Court battles may loom after U.S. business heads widen corporate objectives

NEW YORK(Thomson Reuters Regulatory Intelligence) - A pledge by an influential forum of top U.S. business leaders to consider the interests of a broad range of stakeholders and social issues in addition to shareholder earnings may lead to more legal disputes over board decisions. And many of those disputes would likely be heard in the state of Delaware, the legal home to many U.S. corporations.

A United Nations flag is seen in a boardroom in the Secretariat building during the U.N. General Assembly at U.N. Headquarters in New York September 25, 2013.

Legal experts have begun to consider various scenarios that might emerge in Delaware courts after the surprise announcement last week by the Business Roundtable{here}, led by JPMorgan chief executive Jamie Dimon. Among them is whether directors of U.S. firms will continue to be shielded by the so-called “business judgment rule” which protects them from liability as long as they’re deemed to have acted in the corporation’s interest. By opening the door to other corporate objectives, some wonder whether new fiduciary claims might be on the horizon in Delaware.

“The atmosphere in Delaware may be ripe for more fiduciary claims in light of the recent Marchand v. Barnhill decision and other recent Delaware law developments,” Betty Moy Huber, co-head of the Environmental, Social & Corporate Governance group at Davis Polk, told Regulatory Intelligence.

In the case of Marchand v. Barnhill, the Delaware Supreme Court in June found that the board of Blue Bell Creameries USA Inc. failed to provide adequate oversight of a key risk area and thus breached its “duty of loyalty,” which some observers viewed as an indication of the potential widening scope for where directors could be sued for breach of fiduciary duty. The case arose out of a listeria outbreak in ice cream made by the company that sickened many consumers, caused three deaths and resulted in a total product recall.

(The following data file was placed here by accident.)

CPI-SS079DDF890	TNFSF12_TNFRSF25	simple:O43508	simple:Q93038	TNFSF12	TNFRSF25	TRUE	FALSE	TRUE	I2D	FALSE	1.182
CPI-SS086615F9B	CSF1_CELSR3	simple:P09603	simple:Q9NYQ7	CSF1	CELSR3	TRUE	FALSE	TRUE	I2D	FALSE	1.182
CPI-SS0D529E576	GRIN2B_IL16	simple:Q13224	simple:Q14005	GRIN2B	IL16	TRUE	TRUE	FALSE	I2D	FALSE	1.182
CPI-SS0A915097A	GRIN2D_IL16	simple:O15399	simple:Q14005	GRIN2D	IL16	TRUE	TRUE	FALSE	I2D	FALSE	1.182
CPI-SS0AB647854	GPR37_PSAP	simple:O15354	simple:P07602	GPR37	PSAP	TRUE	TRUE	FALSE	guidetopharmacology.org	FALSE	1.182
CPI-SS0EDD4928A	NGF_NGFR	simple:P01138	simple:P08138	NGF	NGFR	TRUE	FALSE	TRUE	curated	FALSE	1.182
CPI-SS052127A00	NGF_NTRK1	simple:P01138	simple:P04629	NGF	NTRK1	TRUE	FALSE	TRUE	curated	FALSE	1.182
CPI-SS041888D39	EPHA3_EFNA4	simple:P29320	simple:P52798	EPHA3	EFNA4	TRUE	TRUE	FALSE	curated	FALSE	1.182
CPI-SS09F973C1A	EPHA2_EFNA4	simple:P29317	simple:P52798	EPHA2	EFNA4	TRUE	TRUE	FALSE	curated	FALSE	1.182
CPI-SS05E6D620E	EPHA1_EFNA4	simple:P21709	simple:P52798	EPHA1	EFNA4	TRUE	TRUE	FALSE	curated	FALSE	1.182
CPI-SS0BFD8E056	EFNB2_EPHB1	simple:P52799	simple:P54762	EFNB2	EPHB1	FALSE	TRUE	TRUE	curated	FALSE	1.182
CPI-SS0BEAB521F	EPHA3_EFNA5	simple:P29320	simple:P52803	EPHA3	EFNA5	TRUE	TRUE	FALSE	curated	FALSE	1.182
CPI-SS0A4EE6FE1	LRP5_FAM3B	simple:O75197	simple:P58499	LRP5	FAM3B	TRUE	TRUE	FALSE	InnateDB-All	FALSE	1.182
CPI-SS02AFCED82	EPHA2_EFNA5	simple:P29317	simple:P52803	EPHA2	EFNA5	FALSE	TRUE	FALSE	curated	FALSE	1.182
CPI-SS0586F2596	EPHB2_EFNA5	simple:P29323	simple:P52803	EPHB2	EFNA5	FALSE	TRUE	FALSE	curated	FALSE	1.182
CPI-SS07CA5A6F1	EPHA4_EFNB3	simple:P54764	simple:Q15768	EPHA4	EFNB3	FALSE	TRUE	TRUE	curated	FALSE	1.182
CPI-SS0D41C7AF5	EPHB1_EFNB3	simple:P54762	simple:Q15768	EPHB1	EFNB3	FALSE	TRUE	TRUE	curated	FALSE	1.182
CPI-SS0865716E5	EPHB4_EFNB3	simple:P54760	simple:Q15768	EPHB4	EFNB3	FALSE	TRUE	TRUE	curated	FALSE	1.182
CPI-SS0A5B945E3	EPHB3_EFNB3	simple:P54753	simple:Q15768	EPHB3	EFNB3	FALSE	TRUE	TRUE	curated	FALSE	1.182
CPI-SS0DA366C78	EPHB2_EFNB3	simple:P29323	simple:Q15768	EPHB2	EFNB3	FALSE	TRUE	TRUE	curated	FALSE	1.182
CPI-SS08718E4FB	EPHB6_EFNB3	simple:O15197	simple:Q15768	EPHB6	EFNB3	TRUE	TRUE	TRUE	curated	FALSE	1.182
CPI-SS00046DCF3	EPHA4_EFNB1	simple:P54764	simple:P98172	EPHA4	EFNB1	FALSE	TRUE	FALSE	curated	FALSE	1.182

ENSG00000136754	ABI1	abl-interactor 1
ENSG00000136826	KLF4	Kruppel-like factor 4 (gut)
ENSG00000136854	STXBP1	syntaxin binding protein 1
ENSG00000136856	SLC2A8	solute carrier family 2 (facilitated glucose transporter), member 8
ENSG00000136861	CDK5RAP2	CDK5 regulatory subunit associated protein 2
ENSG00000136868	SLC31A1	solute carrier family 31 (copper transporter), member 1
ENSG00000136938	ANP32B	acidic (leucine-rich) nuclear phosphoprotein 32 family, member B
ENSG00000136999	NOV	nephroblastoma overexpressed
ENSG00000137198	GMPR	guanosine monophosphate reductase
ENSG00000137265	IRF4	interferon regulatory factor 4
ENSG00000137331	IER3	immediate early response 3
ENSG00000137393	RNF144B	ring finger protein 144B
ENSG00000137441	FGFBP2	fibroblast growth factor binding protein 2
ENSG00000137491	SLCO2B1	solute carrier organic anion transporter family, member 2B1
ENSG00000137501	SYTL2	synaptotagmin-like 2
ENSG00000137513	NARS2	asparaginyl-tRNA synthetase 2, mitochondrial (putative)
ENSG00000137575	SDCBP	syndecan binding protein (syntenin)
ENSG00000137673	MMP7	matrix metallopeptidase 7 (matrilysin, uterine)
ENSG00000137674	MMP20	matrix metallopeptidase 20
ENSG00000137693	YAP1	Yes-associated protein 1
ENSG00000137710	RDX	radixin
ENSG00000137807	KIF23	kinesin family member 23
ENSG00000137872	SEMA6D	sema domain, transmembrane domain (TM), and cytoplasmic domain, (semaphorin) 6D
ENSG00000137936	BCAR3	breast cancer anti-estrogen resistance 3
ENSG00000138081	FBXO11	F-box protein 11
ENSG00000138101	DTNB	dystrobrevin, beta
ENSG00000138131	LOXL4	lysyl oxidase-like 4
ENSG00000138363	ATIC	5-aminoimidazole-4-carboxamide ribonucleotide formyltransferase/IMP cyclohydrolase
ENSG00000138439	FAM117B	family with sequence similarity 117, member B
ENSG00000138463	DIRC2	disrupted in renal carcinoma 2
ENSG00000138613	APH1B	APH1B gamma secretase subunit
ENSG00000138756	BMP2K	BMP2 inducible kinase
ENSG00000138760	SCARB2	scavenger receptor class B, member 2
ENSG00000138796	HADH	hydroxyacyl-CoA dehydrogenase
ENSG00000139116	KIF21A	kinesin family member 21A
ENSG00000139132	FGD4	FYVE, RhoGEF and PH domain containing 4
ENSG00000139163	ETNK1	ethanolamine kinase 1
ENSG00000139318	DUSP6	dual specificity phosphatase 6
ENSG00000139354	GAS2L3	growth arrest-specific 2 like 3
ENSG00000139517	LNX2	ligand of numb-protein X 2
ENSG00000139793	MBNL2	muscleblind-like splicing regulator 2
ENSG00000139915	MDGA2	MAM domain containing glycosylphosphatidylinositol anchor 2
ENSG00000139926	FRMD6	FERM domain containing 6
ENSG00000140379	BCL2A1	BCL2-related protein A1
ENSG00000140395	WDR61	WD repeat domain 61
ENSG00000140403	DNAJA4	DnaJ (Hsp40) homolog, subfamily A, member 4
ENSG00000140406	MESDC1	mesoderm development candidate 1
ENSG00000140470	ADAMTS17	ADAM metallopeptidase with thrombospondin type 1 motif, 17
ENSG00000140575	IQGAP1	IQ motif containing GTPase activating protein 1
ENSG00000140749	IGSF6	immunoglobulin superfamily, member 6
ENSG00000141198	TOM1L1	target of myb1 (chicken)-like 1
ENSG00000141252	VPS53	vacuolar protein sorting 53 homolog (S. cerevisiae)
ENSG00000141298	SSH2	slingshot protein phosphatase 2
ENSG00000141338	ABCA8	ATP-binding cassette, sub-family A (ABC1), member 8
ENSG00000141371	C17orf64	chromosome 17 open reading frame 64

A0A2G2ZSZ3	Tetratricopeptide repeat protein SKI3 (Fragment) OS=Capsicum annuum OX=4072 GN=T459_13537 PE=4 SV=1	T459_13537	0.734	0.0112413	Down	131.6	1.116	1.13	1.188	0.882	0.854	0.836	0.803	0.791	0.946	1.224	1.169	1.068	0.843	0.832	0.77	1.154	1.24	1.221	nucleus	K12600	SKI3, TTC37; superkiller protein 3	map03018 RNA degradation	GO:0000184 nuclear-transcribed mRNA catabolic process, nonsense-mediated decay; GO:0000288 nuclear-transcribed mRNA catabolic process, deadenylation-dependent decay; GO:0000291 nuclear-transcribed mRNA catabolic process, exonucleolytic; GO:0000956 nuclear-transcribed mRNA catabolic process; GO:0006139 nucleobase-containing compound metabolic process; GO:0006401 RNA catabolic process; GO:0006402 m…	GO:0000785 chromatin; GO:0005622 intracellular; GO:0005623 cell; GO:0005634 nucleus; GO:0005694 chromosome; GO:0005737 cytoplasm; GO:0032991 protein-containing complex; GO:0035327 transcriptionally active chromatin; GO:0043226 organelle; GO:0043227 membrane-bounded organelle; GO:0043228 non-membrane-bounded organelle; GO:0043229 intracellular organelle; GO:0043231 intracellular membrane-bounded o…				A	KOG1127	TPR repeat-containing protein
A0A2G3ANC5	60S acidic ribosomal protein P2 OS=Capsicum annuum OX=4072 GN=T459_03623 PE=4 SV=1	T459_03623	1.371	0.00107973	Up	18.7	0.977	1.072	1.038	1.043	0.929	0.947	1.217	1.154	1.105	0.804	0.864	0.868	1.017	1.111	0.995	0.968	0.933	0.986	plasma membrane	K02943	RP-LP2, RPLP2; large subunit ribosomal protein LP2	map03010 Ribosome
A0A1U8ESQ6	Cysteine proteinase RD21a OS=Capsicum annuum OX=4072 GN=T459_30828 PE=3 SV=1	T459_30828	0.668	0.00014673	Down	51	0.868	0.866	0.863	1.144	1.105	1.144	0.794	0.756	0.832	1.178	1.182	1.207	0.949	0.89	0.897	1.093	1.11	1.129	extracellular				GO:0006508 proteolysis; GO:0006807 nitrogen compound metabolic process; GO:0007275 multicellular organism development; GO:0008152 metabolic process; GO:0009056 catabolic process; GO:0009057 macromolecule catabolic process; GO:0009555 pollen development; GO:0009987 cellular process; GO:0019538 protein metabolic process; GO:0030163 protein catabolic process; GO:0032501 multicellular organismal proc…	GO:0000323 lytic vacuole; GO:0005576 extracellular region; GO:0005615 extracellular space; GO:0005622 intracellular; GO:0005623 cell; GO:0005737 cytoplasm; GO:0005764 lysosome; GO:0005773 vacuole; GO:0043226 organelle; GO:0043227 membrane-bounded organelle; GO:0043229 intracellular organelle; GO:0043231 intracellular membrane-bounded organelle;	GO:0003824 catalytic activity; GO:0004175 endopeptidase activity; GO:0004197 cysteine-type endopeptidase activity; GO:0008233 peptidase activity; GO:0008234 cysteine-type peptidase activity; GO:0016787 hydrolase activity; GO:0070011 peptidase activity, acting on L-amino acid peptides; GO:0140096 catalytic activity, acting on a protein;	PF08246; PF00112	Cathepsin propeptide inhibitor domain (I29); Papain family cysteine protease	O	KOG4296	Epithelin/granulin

“While directors are generally shielded from liability by the business judgment rule, it will be interesting to see if novel theories of law develop if directors aggressively and affirmatively take into account employees, communities, suppliers and stakeholders, and not just shareholder value, in their decision-making process,” Huber added.

The Business Roundtable statement last week, signed by 181 leading executives including Dimon and the heads of other financial firms, committed to:

--delivering value to customers;

--investing in employees;

--dealing fairly and ethically with suppliers;

--supporting their communities; and

--generating long-term value for shareholders.

Among other things, the statement upends nearly 50 years of U.S. corporate fidelity to the sole objective of maximizing shareholder value. But with widening social and political pressure in areas such as corporate governance, the environment and what many see as a failure of capitalism to serve the broader needs of society, the statement is what some believe is a reflection of the current business environment.

“I think this is a smart move by business heads who have come under inordinate public pressure,” said a partner at a large Washington D.C. law firm. “Whether they can execute on these objectives remains to be seen, and there might be some cause for concern in terms of director liability.”